More safety than sparkle?

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As children the week leading up to Bonfire Night always involved being fed horror stories and told to be extra careful and vigilant. This usually had one of two affects; the child would either listen to the advice and always maintain a safe distance from the celebrations, or the child would go home that evening and laugh hysterically as someone tips paraffin onto the bonfire and a drunk relative dances on the embers. There is no question here about which child had the better November 5th, which of course begs the question, is health and safety ruining Bonfire Night?

We all know that part of the fun is definitely in the fear. Whether it is going on a rollercoaster or watching a horror film, part of the joy comes from the terror involved in these activities, and this is especially so on Bonfire Night. There is a sense of exhilaration in feeling the heat of the flames on your nose and seeing that the man in charge of the fireworks at the local display only has three fingers and a lot of burn marks on his arm. And it is this excitement and risk that most of us remember from past Guy Fawkes’ nights. Not being one hundred percent sure that the gloves you are holding your sparkler with are inflammable, squealing as your father runs away from the Catherine wheel that has just set the tree on fire, and gasping when your granddad ignites the lawn with his enthusiastic bonfire maintaining. By health and safety demanding that we remain a certain distance away and be completely and utterly safe, it robs us from this exciting feeling of nervous thrill, not to mention possible memories for years to come.

Also by healthy and safety being so strict, we never get the chance to learn from our mistakes. This does sound like a rather morbid point, and by no means am I suggesting we should be careless, but there is still nothing like a group of twenty tipsy teenagers chasing after a Chinese lantern as it plummets from the sky in the direction of the laundrette. By abiding by health and safety regulations and perhaps commons sense, we would not have this hilarious memory and by experiencing this ourselves, we know not to do it again. Well, not near our block anyway.

These claims may seem rather irresponsible and so I must declare that part of me does believe health and safety is a good thing; mainly the part of myself who worries that my jacket may have a label demanding ‘Keep away from fire’ on the collar, and that yelps a little when the fireworks are just that little bit too loud. If you are a natural worrier, then it is nice to know that at some events, there are regulations allowing you to stay safe, and for parents of young children, this must be extra comforting. An example of this could be the recent health and safety suggestions to make sure that toxic items such as paint or foam did not get thrown onto bonfires, which again seems sensible due to their harmful effects on the environment and on the lungs of the surrounding people. However, just as we begin to think that these are all perfectly rational regulations, we suddenly lose respect for health and safety when we discover that the fine for this is a ridiculous £50,000. This sums up health and safety completely; it always goes too far and saps the enjoyment out of a fun event. If we just used common sense instead of such tight regulations, we could all have an excellent and still safe Bonfire Night. And thank goodness health and safety wasn’t a part of paraffin night!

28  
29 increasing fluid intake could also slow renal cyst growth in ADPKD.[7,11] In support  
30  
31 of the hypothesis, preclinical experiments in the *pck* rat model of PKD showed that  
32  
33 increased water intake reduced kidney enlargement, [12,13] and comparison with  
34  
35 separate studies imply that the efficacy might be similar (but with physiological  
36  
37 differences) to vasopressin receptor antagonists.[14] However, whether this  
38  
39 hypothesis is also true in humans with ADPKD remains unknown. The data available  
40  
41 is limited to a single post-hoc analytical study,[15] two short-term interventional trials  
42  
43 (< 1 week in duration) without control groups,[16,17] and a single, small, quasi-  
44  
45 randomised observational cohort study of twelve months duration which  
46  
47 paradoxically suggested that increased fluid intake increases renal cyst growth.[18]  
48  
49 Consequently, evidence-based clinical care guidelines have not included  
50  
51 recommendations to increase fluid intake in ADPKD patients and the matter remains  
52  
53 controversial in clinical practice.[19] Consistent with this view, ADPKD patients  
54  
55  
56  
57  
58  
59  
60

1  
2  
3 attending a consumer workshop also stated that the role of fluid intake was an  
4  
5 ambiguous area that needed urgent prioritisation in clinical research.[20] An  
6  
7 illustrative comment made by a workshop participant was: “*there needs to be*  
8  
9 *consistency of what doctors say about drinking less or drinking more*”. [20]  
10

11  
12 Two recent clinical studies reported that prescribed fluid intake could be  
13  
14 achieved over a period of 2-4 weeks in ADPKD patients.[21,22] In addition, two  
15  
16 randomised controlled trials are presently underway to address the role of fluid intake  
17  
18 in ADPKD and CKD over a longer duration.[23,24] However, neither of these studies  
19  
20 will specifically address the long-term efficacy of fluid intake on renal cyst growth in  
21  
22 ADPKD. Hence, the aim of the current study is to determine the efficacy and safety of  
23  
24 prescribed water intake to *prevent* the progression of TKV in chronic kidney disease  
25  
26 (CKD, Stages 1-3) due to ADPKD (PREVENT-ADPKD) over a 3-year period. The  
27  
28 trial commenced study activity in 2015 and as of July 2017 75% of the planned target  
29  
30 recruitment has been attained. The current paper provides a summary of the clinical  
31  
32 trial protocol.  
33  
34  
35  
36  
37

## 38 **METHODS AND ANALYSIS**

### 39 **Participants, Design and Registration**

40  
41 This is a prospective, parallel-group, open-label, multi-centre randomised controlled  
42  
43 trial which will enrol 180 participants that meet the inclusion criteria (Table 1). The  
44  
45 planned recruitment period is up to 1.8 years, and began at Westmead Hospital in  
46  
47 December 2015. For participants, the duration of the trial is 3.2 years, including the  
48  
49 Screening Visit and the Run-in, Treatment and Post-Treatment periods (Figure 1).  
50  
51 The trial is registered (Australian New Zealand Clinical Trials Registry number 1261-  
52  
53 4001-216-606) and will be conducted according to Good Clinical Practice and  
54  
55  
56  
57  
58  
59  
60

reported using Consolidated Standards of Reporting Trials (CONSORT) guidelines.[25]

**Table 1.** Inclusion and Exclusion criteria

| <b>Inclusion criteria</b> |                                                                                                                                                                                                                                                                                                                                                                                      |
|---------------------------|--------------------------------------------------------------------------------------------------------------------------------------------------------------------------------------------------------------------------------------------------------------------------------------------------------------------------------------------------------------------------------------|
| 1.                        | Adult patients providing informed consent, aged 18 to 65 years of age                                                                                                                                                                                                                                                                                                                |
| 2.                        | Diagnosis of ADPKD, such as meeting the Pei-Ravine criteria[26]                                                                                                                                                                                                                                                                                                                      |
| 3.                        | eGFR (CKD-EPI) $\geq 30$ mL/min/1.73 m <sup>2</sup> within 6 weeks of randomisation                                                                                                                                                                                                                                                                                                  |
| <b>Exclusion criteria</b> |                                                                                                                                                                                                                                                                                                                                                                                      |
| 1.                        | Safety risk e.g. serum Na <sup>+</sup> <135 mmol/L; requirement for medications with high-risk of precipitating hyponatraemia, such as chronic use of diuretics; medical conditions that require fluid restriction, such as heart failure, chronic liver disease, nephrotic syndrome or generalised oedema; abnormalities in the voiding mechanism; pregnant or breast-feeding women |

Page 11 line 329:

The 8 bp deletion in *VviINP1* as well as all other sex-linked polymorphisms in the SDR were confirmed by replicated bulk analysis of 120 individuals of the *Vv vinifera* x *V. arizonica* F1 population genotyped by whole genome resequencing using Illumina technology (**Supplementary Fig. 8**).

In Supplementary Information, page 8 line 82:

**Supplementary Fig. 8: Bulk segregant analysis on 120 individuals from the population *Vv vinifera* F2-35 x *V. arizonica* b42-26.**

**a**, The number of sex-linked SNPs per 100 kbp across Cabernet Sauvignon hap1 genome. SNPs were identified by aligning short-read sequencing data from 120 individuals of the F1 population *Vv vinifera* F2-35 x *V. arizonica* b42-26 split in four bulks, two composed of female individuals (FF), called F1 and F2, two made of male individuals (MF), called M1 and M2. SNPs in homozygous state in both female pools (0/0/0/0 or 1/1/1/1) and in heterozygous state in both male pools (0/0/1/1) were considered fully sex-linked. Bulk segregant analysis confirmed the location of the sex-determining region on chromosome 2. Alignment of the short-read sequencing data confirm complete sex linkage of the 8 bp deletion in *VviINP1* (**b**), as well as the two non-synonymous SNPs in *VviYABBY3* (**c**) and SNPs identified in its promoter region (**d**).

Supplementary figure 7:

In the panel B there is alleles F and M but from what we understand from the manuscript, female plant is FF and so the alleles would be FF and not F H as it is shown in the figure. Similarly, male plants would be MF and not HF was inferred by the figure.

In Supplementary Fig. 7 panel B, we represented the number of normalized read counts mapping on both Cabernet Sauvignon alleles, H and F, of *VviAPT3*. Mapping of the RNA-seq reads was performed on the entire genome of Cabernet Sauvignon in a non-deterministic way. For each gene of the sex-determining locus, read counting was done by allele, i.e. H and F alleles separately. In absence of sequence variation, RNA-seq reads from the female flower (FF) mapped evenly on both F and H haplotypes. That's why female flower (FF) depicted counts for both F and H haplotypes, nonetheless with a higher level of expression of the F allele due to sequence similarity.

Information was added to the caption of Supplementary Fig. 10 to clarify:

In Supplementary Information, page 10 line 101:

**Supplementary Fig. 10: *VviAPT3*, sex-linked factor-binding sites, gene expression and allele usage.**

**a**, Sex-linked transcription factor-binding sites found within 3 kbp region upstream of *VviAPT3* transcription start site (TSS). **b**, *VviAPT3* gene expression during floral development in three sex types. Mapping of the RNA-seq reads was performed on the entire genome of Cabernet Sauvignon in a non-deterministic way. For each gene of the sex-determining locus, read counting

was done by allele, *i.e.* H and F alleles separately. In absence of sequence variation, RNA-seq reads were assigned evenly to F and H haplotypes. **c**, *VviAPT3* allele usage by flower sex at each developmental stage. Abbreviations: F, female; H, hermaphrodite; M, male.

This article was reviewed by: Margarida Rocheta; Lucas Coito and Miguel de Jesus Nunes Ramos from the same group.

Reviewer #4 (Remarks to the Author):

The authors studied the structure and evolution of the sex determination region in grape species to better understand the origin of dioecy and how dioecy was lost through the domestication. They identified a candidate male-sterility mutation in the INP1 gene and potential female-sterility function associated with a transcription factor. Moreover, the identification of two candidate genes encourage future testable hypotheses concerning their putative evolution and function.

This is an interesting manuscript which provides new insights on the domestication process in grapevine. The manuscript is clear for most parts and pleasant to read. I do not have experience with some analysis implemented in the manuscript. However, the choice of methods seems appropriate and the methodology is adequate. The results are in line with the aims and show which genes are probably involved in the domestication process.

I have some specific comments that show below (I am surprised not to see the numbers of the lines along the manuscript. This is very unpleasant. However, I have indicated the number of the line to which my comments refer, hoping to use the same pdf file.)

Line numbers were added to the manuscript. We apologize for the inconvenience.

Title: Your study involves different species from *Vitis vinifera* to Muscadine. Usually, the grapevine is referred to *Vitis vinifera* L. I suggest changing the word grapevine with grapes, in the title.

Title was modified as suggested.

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4 Comments

  1. Couldn’t agree more. My fave bonfire nights are always the one where someone’s face gets blown off and Grandad gets third-degree burns!

  2. Please tell me this was written ironically. Please.

    The justification of common sense should not be, “We can learn from our mistakes, and when we get out of A&E with our new prosthetic feet we’ll be grateful for it.” It has nothing to do with H&S, it’s about not being a prat. Okay, common sense is a given, but this worrying implication that H&S comes along like a big killjoy is utter twaddle. Should safety precautions be in place? Yes. Should we take it to extremes and shut everyone off behind double glazing? Of course not. And no-one is suggesting that should be the case.

    I’m slightly worried by the implication that fireworks are all about the danger and getting pissed around flammable objects. I really hope the author is the only person who believes that. My childhood had nothing to do with danger, it was all about marshmallows and hot chocolate and freezing in the mud while the sky turned into a painting of light.

    And the rollercoaster analogy? Are you implying that you want it to crash? I always kinda hope it doesn’t, but maybe that’s just me.

  3. Oh, and it’s *effects.

  4. Oh, and about the fine- it’s only in place for putting other people in serious danger. Do you think a human life is worth less than £50k?

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